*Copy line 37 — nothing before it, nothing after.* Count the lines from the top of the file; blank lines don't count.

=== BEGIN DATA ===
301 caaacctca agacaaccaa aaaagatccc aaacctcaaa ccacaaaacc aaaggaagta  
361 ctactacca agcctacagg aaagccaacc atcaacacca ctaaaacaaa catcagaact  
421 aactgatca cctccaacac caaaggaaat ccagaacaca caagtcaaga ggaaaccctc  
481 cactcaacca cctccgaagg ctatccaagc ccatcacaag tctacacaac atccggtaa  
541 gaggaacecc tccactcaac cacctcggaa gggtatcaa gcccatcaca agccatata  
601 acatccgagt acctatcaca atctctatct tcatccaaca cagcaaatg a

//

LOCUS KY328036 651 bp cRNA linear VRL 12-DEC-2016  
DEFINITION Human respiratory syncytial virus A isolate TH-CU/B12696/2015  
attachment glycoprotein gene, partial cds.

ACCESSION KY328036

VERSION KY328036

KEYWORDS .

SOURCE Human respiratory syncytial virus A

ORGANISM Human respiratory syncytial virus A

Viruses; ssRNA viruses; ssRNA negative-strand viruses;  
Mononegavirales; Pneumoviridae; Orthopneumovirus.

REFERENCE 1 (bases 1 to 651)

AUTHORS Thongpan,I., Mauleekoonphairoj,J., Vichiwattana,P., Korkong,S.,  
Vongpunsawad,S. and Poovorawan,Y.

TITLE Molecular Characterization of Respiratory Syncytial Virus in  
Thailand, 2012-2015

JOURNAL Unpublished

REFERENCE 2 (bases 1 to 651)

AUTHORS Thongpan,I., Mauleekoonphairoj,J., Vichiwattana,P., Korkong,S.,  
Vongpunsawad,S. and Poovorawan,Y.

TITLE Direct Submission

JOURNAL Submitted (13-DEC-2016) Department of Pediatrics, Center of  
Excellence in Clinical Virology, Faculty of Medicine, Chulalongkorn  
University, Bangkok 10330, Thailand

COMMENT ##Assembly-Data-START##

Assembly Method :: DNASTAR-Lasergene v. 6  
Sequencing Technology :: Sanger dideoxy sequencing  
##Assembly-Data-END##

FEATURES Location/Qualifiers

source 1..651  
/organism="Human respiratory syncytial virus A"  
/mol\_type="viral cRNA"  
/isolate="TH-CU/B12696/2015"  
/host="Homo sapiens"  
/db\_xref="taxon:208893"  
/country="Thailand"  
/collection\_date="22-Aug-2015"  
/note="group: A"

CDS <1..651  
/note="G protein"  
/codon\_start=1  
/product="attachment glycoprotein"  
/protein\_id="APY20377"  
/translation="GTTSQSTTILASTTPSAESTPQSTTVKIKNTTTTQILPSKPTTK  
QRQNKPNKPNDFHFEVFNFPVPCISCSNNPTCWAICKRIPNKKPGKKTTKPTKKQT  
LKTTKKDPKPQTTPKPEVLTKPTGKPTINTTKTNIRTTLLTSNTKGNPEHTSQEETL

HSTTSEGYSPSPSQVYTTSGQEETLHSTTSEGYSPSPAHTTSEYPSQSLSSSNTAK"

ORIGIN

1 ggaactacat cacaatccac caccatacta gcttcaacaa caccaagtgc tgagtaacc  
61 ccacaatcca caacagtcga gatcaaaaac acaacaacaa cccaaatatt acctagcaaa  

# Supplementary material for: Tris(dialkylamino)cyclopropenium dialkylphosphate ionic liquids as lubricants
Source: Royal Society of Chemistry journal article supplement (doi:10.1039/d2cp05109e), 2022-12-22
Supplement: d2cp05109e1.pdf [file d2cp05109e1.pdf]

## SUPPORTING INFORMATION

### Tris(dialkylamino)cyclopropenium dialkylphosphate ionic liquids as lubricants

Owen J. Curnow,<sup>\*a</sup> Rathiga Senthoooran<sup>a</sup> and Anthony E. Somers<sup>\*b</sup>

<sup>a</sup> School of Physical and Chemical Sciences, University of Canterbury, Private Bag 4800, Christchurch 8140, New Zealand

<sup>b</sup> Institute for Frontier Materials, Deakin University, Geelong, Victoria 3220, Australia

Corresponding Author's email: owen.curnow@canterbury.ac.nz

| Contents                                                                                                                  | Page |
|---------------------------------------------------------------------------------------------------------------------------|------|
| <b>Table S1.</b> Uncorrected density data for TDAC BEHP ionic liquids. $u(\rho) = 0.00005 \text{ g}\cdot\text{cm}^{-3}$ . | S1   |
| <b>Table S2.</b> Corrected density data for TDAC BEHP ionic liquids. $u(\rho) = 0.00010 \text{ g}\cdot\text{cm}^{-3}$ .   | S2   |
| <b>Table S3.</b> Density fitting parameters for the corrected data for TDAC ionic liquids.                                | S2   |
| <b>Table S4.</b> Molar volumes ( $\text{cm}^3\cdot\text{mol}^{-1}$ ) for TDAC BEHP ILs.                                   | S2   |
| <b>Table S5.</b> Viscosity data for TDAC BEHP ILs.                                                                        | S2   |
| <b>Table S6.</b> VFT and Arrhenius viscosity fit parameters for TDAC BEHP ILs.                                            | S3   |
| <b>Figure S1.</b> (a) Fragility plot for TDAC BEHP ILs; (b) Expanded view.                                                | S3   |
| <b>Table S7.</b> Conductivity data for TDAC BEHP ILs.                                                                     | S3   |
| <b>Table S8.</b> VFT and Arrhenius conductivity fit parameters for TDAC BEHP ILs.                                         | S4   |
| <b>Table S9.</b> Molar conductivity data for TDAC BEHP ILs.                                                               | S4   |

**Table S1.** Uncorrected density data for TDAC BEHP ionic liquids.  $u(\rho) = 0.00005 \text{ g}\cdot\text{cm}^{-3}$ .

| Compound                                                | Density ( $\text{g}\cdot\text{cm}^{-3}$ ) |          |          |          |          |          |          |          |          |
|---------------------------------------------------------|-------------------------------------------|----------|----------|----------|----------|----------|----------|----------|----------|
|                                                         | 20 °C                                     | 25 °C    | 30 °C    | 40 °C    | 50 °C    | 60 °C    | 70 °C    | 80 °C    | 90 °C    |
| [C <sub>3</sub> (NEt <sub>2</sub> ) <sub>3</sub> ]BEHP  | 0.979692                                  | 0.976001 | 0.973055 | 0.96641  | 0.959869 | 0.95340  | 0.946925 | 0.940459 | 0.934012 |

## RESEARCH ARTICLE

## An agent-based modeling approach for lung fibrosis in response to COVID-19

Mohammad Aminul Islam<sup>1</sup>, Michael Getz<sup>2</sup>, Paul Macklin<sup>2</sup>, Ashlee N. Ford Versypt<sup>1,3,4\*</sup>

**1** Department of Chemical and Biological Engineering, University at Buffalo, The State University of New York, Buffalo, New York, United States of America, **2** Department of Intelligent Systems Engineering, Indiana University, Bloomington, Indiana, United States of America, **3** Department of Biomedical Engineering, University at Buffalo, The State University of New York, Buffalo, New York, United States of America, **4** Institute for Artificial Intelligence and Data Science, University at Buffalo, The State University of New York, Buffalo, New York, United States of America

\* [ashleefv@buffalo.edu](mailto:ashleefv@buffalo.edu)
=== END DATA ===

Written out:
/organism="Human respiratory syncytial virus A"  